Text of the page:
The Fantastic Four are the bedrock of what became Marvel Comics and they deserve better than they've gotten from the movies. They certainly deserve better than Fox's new version of the characters. Fantastic Four (2015, directed by Josh Trank), which caves to the grimdark aesthetic. It's a glum film, shot in desaturated colors, fraught with angst and psychological theorizing. It's also occasionally incoherent, as if two separate movies had been stitched together in post-production, one a post-modern horror movie, the other a dumb superhero movie. It's an uneasy mixture, and tonally wrong almost from beginning to end.
Tuesday, July 28, 2015
Ant-Man (2015, directed by Peyton Reed) finds the Marvel superhero franchise experimenting with genre. The superhero film is flexible if you're not hellbent on destroying cities. Marvel, more than their cinematic competitors, have been more committed to this idea than you might expect. They've placed their superheroes within epic fantasies, space operas, and conspiracy thrillers. Ant-Man is a heist film. Given the backstage drama that accompanied its production, it's a surprisingly nimble and fun movie. It's not without its drawbacks, though, not least of which is its gender politics and Marvel's gender politics more generally. Still, it manages to be Marvel's best film of the summer, which isn't something I expected.
Monday, July 27, 2015
I wasn't a fan of Amy Winehouse during her lifetime. Not because I disliked her music--I rarely heard her music in the radio wasteland where I live. She just wasn't on my radar beyond what was printed in the tabloids, and even then my familiarity consisted only of headlines glimpsed in supermarket lines. This says more about how music is marketed these days than it does about her music by itself. One of the legacies of Amy (2015, directed by Asif Kapadia), the new documentary about her life, is to establish the magnitude of Winehouse's talent, which was immense. That's a fitting enough epitaph for an artist whose creative life was tragically short. But appreciation of Amy Winehouse isn't the ultimate effect of the film. One walks away from the film feeling a mixture of sadness and rage. It's an indictment of the fame monster (to borrow a phrase from another pop diva), of the machineries of stardom, of our culture's insatiable obsession with celebrity. In documenting the life of Amy Winehouse, this film is holding up an accusing mirror to the culture that destroyed her.
Sunday, July 26, 2015
I'm reading Neil Gaiman's new collection of short stories, Trigger Warnings, right now. One of the stories in that book is a Sherlock Holmes pastiche, in which the retired Holmes keeps bees, travels to Asia in pursuit of a particular bee, obsesses over his last case, and deals with his impending mortality. There's a cottage industry in Holmes stories set during his retirement. It's a vast area of terra incognita in the Holmes canon, and writers have been rushing to map it out ever since the detective bowed out in "His Last Bow." Elements of such stories are often very similar. This can create a sense of deja vu if you read enough of them. I had a little bit of that while I was watching Mr. Holmes (2015, directed by Bill Condon), in which Holmes retires to keep bees, travels to Asia, obsesses over his last case, and ruminates over his impending mortality. It is otherwise very different from the Gaiman story I read this week. Based on the novel, A Small Trick of the Mind by Mitch Cullin, Mr. Holmes presents a more vulnerable Holmes, one whose mental faculties are failing as he nears the end of his life and one who lives with regrets over events he can no longer remember. Holmes can sometimes come across as inhuman--Sherlock's portrayal of the detective as a "high functioning sociopath," for one example--something that this film sets out to deconstruct. The Holmes one finds here is very human indeed.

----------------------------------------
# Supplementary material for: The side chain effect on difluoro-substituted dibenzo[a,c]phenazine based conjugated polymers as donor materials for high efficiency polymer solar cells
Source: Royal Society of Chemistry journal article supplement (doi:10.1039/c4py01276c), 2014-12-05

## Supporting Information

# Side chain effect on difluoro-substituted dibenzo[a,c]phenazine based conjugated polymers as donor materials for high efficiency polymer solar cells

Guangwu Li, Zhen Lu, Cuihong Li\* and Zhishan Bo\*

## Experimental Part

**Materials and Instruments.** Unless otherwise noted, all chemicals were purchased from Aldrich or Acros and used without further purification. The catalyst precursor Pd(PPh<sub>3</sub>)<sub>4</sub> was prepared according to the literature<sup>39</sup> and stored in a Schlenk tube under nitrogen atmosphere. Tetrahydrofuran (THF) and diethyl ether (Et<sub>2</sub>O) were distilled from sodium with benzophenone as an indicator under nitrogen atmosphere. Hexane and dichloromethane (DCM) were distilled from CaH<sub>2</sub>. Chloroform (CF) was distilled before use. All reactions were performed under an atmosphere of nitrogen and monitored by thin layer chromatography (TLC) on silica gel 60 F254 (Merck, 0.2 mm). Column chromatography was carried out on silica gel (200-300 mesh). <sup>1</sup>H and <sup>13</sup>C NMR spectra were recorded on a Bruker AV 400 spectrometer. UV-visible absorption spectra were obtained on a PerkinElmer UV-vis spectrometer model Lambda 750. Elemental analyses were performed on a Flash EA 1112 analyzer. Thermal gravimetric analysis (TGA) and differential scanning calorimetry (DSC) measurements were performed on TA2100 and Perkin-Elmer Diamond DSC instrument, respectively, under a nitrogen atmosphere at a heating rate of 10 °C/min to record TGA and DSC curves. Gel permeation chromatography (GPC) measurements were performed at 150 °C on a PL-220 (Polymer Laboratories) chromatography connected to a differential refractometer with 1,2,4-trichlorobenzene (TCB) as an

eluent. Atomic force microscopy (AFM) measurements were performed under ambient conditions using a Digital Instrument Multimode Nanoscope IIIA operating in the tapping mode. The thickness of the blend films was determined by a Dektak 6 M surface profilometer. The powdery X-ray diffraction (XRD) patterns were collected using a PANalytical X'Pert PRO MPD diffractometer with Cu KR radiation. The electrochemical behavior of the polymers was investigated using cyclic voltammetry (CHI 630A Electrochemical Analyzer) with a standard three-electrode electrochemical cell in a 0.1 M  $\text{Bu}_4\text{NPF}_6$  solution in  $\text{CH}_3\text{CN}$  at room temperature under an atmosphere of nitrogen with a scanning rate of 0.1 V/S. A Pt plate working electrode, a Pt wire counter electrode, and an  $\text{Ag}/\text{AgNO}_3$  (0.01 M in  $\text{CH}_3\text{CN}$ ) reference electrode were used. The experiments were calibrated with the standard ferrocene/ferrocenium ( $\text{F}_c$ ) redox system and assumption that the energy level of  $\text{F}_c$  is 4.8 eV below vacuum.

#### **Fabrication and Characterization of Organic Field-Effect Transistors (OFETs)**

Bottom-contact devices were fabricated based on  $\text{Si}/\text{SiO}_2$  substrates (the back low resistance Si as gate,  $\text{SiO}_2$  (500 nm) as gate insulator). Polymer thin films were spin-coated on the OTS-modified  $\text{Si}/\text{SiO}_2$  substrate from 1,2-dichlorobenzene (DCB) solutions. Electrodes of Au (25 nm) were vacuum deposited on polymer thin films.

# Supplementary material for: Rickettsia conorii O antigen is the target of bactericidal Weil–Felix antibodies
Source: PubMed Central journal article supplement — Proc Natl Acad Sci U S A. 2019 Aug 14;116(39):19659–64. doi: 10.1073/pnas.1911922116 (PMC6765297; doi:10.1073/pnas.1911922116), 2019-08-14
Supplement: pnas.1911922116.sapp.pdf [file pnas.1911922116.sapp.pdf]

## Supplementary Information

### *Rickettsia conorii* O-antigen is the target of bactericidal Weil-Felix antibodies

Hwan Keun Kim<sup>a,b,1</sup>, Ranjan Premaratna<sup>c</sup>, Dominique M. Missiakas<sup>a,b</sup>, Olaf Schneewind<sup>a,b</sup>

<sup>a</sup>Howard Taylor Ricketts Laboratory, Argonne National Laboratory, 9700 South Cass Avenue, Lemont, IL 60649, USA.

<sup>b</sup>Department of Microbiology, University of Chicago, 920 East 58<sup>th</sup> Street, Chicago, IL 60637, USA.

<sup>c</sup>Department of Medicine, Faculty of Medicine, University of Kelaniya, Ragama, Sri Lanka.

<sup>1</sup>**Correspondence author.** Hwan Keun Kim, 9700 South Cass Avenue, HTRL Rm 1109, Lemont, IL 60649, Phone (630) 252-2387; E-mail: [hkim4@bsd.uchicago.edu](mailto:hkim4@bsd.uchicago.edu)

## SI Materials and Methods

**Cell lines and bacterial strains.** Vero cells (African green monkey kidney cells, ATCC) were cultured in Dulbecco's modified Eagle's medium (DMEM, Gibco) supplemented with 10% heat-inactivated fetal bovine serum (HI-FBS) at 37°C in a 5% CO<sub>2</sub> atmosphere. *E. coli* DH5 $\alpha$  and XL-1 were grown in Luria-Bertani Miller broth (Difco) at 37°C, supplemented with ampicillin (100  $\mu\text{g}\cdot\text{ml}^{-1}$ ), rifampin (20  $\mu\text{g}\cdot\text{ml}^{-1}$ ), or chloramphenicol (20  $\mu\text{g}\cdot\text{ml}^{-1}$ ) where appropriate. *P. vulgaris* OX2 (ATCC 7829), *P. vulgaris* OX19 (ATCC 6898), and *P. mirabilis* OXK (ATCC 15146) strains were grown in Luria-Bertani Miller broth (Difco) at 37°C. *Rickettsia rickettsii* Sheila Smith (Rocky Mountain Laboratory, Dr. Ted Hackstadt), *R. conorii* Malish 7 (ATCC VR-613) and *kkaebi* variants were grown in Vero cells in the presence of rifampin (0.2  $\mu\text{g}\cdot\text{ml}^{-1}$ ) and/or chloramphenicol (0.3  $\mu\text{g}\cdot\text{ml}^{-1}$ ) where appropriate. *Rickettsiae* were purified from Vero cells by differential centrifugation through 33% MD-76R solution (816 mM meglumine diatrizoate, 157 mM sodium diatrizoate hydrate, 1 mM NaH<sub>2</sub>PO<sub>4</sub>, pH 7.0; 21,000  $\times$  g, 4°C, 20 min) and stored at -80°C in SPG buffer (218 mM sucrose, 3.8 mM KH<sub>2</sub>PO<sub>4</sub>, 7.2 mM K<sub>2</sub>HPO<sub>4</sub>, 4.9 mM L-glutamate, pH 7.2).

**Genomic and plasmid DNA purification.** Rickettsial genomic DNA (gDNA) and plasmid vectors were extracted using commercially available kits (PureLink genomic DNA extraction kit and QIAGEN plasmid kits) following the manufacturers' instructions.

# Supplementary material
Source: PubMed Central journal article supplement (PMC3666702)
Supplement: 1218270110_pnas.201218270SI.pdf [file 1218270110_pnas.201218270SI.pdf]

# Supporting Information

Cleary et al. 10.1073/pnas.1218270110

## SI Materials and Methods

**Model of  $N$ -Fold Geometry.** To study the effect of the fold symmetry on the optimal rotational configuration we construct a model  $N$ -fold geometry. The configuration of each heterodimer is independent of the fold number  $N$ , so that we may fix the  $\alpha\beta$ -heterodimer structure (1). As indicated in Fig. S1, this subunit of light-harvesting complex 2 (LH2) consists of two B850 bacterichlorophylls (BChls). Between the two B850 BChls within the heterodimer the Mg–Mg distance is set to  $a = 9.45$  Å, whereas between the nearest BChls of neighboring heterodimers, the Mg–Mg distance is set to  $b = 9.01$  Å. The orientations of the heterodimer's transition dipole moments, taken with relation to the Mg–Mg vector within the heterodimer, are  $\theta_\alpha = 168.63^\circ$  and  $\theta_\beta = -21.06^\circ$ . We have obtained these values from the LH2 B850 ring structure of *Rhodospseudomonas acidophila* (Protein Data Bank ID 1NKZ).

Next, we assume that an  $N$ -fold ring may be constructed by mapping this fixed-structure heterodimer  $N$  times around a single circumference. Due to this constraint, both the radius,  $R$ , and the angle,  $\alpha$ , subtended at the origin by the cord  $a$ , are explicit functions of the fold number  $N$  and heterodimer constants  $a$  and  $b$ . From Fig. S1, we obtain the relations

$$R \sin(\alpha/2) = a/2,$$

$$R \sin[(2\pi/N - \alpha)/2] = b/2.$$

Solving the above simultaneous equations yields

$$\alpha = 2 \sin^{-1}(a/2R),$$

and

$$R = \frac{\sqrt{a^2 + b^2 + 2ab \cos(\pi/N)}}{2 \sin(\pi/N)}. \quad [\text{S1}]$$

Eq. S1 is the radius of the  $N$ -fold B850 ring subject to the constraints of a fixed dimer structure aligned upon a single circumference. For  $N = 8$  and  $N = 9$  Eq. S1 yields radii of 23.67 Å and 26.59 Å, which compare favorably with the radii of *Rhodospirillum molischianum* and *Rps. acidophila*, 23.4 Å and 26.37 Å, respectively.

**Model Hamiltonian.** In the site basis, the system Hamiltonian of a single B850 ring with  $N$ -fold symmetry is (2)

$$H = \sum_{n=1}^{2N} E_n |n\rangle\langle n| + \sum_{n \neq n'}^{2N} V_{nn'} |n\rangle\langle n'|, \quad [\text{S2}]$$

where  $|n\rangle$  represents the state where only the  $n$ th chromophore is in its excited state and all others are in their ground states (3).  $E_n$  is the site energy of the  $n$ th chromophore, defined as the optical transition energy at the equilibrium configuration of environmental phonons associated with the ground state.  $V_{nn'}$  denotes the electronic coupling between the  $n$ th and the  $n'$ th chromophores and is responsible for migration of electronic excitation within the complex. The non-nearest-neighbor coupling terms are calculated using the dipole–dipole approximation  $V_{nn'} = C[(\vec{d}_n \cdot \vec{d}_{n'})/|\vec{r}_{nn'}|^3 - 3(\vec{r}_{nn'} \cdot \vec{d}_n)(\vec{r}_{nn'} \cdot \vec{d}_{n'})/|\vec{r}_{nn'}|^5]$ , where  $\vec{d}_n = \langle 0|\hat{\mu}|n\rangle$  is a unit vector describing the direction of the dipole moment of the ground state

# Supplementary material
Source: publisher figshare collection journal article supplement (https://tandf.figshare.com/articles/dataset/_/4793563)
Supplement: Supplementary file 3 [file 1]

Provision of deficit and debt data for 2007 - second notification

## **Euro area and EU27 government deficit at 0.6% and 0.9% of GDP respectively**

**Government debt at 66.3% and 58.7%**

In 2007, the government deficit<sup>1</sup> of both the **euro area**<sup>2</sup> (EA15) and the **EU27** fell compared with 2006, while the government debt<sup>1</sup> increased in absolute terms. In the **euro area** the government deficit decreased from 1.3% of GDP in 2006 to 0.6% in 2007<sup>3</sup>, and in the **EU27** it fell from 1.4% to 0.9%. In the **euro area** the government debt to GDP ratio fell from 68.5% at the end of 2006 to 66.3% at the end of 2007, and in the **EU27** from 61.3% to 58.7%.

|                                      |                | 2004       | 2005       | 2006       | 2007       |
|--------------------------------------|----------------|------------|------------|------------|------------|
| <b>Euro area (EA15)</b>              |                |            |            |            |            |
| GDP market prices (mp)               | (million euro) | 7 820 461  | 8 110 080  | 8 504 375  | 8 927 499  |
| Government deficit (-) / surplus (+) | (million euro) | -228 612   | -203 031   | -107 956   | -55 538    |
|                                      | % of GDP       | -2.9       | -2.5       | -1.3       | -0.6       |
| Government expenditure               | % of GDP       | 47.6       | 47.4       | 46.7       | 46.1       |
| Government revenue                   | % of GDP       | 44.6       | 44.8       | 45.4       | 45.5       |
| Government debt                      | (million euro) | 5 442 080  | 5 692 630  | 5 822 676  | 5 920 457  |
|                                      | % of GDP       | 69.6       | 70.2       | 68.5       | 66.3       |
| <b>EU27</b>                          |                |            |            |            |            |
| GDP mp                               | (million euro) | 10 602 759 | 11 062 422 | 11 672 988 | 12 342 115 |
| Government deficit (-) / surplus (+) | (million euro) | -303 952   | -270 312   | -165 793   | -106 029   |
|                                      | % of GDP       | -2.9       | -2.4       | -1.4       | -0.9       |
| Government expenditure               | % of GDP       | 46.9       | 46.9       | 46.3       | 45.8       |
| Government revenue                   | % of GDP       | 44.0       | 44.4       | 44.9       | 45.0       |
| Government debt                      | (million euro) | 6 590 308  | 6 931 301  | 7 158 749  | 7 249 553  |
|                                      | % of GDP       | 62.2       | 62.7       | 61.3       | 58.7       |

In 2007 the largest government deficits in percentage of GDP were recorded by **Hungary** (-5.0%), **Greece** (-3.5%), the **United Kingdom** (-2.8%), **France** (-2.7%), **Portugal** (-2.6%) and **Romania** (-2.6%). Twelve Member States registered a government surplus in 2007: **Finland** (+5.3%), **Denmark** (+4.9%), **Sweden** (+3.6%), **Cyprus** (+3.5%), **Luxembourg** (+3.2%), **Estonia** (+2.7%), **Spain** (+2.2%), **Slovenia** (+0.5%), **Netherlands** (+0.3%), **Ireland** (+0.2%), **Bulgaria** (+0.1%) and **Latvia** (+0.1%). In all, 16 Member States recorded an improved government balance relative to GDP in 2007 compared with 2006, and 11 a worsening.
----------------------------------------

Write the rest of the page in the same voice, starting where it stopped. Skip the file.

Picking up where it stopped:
Sunday, July 19, 2015
The Salt of the Earth (2014, directed by Wim Wenders and Juliano Ribeiro Salgado) is one of those documentaries that confounds expectations, particularly among documentaries about photography. The art of photography is front and center here, don't get me wrong, and not just in the inevitable still frame images that litter the movie. One of my first impressions of The Salt of the Earth is that the era of film as the medium for motion pictures--or for the capture of images more generally--is well and truly over. The shot beneath the title card is as beautiful an image as anything ever captured on silver nitrate on celluloid. That's not what this film is about, true, but it's a subtext that wormed its way into my mind as I watched. Hell, this film may not even be about its nominal subject, the photographer Sebastião Salgado, though it is through his eyes and through his images that the film extrapolates its broad themes. Director Wim Wenders suggests this when he describes his reaction to the first of Salgado's photographs that he ever saw. "This is a man who loves humanity," he thought. Too much as it turns out.
Saturday, July 11, 2015